Datasets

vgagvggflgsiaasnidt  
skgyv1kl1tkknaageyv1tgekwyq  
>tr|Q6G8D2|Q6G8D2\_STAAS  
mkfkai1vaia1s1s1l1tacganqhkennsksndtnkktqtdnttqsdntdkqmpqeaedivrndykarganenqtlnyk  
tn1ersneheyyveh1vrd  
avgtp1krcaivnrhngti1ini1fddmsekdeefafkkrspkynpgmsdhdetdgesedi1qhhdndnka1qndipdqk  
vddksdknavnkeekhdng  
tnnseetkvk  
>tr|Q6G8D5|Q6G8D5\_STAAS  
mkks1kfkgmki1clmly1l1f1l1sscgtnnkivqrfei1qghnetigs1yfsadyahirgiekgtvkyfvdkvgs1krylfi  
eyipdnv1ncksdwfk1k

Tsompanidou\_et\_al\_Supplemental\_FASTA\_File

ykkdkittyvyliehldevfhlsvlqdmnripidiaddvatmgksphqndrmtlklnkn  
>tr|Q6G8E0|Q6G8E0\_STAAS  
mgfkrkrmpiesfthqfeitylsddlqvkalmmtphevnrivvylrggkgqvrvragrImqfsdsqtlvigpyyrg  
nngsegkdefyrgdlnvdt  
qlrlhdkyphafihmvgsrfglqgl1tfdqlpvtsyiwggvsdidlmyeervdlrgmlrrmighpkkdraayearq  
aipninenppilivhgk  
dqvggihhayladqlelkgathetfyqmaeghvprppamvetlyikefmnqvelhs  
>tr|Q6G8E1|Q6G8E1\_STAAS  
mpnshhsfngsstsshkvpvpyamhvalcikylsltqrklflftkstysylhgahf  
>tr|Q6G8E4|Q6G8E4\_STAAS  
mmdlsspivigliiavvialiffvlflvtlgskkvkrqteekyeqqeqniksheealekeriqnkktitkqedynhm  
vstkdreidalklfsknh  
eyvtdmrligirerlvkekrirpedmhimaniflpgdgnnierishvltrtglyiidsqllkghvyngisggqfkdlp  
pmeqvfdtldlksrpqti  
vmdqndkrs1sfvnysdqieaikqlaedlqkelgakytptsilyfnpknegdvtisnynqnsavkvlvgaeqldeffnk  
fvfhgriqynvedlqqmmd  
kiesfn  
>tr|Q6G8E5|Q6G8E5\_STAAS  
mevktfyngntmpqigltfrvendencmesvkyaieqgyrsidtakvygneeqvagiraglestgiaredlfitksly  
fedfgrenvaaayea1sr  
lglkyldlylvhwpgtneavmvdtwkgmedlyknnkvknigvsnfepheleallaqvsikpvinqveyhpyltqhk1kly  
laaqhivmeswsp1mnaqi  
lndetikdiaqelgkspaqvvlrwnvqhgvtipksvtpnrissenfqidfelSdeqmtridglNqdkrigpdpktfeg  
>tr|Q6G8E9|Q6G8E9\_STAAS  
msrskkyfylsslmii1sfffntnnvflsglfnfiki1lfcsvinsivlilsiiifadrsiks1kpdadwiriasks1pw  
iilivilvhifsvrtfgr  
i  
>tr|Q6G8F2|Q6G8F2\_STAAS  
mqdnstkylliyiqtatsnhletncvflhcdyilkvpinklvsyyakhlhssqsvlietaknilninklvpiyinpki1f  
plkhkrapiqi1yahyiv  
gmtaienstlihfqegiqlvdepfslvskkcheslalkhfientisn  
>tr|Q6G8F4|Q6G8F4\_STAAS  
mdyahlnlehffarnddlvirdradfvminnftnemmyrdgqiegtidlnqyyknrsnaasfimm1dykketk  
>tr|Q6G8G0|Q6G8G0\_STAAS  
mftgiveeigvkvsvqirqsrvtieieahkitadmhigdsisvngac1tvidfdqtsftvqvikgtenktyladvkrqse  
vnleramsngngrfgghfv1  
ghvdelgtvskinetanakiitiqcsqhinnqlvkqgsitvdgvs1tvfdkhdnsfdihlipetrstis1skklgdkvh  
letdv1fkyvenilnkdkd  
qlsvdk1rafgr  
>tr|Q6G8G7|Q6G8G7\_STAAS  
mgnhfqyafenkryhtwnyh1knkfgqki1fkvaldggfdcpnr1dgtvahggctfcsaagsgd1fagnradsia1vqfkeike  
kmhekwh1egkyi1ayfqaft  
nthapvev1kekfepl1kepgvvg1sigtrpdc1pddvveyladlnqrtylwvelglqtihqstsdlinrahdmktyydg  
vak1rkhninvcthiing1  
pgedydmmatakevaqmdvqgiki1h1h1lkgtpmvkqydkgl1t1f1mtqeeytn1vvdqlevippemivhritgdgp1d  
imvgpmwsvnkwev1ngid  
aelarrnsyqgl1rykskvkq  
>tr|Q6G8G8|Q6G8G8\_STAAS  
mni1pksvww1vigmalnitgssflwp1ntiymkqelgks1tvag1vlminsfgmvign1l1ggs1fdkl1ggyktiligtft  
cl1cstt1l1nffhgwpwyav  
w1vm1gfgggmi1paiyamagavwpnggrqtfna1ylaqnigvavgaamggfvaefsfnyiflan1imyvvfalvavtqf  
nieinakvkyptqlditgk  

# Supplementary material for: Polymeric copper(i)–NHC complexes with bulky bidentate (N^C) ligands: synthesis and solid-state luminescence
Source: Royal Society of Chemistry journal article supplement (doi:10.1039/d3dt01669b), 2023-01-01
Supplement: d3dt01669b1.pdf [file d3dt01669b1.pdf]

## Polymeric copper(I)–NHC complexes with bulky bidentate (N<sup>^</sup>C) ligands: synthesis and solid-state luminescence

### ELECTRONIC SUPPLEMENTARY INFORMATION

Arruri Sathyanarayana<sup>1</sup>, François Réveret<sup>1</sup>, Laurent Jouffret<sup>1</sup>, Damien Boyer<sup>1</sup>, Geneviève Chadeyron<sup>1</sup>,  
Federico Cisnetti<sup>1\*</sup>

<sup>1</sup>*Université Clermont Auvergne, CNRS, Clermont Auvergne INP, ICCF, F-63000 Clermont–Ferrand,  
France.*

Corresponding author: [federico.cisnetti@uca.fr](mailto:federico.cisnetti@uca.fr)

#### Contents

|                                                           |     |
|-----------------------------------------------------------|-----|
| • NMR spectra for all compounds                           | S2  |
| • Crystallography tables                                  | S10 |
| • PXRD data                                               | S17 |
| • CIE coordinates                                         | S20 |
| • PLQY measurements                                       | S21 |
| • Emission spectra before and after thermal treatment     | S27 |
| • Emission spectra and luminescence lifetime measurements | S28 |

We prepared our datasets from two different sources: 1) X-ray structures in the protein databank and 2) disorder annotated proteins in the Disprot database (40). In our own database, we did not employ any NMR structures directly because there is a lack of a well-defined criterion to separate ordered and disordered residues. For the database from X-ray structures, we started with the original Disprot database that contained the annotations for X-ray structures solved before August 05, 2003 (48). We then expanded the dataset by retrieving X-ray structures from the PDB released after that date with the following criteria: a) resolution ≤ 2 Å; b) size ≥ 60 residues; c) having residues without coordinates (recorded as missing residues in REMARK465 section of PDB file, those missing residues are considered as disordered); and d) sequence identity cutoff of 90%. These two X-ray structure sets were combined and chains with unusual amino acid types were removed. We further removed HIS-tags in protein sequences because they were introduced for protein purification. The remaining proteins were clustered at 25% sequence identity using blastclust (46). One representative was chosen from each cluster according to the following prioritized criteria: a) a protein with the largest number of disordered residues; b) protein with the smallest number of disordered regions (i.e. more contiguous regions of disordered residues); and c) the largest protein. This led to a total of 4178 protein chains. We combined those chains with 91 fully disordered proteins from the Disprot database v5.0 (40), and performed another round of clustering at 25% sequence identity using blastclust. The representative of each cluster was chosen from a) a fully disordered protein if any or b) the protein with the largest number of amino acid residues. The final dataset contains 4229 non-redundant chains (referred to as DM4229) that mix 4157 chains from PDB and 72 chains from Disprot. It consists of 1036634 residues, of which 103252 (about 10%) are annotated as disordered residues. We randomly selected 3000 chains (referred to as DM3000) from the DM4229 dataset to design our neural-network predictor and to perform a 10 fold cross validation test. The remaining 1229 chains (referred to as DM1229) were used as an independent test set.